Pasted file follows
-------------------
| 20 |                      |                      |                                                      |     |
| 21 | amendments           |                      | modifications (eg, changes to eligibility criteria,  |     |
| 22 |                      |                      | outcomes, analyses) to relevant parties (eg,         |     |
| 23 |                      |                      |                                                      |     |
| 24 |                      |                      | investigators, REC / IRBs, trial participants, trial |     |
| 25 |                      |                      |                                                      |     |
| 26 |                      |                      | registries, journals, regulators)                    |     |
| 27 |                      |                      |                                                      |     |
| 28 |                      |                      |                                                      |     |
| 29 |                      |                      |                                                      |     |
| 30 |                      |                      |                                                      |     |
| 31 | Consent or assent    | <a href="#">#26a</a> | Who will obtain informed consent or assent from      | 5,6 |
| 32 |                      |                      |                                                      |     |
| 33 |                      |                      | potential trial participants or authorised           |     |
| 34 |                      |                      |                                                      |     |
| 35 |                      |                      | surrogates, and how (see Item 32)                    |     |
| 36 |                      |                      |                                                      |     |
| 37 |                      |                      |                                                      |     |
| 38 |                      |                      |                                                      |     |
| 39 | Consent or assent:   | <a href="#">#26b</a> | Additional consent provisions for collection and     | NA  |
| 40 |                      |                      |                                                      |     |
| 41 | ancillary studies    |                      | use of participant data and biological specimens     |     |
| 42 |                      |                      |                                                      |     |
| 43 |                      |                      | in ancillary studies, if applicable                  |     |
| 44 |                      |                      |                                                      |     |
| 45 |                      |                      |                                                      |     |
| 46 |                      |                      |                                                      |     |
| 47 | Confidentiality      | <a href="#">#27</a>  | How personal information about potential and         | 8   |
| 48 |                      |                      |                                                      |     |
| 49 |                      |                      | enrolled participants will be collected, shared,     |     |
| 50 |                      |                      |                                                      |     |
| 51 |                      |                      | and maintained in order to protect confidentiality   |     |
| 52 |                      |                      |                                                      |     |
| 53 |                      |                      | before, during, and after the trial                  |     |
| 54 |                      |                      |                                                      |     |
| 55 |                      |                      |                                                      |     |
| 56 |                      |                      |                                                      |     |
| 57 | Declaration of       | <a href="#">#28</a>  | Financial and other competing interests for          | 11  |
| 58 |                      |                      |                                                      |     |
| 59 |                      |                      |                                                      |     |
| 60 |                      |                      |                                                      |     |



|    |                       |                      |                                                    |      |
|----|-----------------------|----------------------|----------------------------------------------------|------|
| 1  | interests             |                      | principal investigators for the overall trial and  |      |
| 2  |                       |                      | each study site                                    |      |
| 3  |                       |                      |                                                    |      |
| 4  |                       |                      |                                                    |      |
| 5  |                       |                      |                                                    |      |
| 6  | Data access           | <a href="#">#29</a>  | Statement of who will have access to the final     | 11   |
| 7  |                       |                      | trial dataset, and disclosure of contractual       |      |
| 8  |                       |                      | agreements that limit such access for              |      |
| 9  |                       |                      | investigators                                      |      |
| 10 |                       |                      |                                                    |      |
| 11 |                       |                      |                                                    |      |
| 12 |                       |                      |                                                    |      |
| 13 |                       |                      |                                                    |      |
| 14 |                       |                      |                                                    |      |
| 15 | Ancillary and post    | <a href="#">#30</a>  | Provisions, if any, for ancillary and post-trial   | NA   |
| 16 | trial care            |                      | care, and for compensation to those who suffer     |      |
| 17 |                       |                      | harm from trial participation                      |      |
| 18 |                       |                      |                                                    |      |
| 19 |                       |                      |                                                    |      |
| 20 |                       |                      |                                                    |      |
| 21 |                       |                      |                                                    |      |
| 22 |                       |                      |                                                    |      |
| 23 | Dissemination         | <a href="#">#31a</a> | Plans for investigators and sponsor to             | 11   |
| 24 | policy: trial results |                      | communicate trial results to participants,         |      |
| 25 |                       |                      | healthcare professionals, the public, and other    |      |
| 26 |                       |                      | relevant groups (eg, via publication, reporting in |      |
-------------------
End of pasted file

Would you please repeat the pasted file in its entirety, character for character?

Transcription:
| 20 |                      |                      |                                                      |     |
| 21 | amendments           |                      | modifications (eg, changes to eligibility criteria,  |     |
| 22 |                      |                      | outcomes, analyses) to relevant parties (eg,         |     |
| 23 |                      |                      |                                                      |     |
| 24 |                      |                      | investigators, REC / IRBs, trial participants, trial |     |
| 25 |                      |                      |                                                      |     |
| 26 |                      |                      | registries, journals, regulators)                    |     |
| 27 |                      |                      |                                                      |     |
| 28 |                      |                      |                                                      |     |
| 29 |                      |                      |                                                      |     |
| 30 |                      |                      |                                                      |     |
| 31 | Consent or assent    | <a href="#">#26a</a> | Who will obtain informed consent or assent from      | 5,6 |
| 32 |                      |                      |                                                      |     |
| 33 |                      |                      | potential trial participants or authorised           |     |
| 34 |                      |                      |                                                      |     |
| 35 |                      |                      | surrogates, and how (see Item 32)                    |     |
| 36 |                      |                      |                                                      |     |
| 37 |                      |                      |                                                      |     |
| 38 |                      |                      |                                                      |     |
| 39 | Consent or assent:   | <a href="#">#26b</a> | Additional consent provisions for collection and     | NA  |
| 40 |                      |                      |                                                      |     |
| 41 | ancillary studies    |                      | use of participant data and biological specimens     |     |
| 42 |                      |                      |                                                      |     |
| 43 |                      |                      | in ancillary studies, if applicable                  |     |
| 44 |                      |                      |                                                      |     |
| 45 |                      |                      |                                                      |     |
| 46 |                      |                      |                                                      |     |
| 47 | Confidentiality      | <a href="#">#27</a>  | How personal information about potential and         | 8   |
| 48 |                      |                      |                                                      |     |
| 49 |                      |                      | enrolled participants will be collected, shared,     |     |
| 50 |                      |                      |                                                      |     |
| 51 |                      |                      | and maintained in order to protect confidentiality   |     |
| 52 |                      |                      |                                                      |     |
| 53 |                      |                      | before, during, and after the trial                  |     |
| 54 |                      |                      |                                                      |     |
| 55 |                      |                      |                                                      |     |
| 56 |                      |                      |                                                      |     |
| 57 | Declaration of       | <a href="#">#28</a>  | Financial and other competing interests for          | 11  |
| 58 |                      |                      |                                                      |     |
| 59 |                      |                      |                                                      |     |
| 60 |                      |                      |                                                      |     |



|    |                       |                      |                                                    |      |
|----|-----------------------|----------------------|----------------------------------------------------|------|
| 1  | interests             |                      | principal investigators for the overall trial and  |      |
| 2  |                       |                      | each study site                                    |      |
| 3  |                       |                      |                                                    |      |
| 4  |                       |                      |                                                    |      |
| 5  |                       |                      |                                                    |      |
| 6  | Data access           | <a href="#">#29</a>  | Statement of who will have access to the final     | 11   |
| 7  |                       |                      | trial dataset, and disclosure of contractual       |      |
| 8  |                       |                      | agreements that limit such access for              |      |
| 9  |                       |                      | investigators                                      |      |
| 10 |                       |                      |                                                    |      |
| 11 |                       |                      |                                                    |      |
| 12 |                       |                      |                                                    |      |
| 13 |                       |                      |                                                    |      |
| 14 |                       |                      |                                                    |      |
| 15 | Ancillary and post    | <a href="#">#30</a>  | Provisions, if any, for ancillary and post-trial   | NA   |
| 16 | trial care            |                      | care, and for compensation to those who suffer     |      |
| 17 |                       |                      | harm from trial participation                      |      |
| 18 |                       |                      |                                                    |      |
| 19 |                       |                      |                                                    |      |
| 20 |                       |                      |                                                    |      |
| 21 |                       |                      |                                                    |      |
| 22 |                       |                      |                                                    |      |
| 23 | Dissemination         | <a href="#">#31a</a> | Plans for investigators and sponsor to             | 11   |
| 24 | policy: trial results |                      | communicate trial results to participants,         |      |
| 25 |                       |                      | healthcare professionals, the public, and other    |      |
| 26 |                       |                      | relevant groups (eg, via publication, reporting in |      |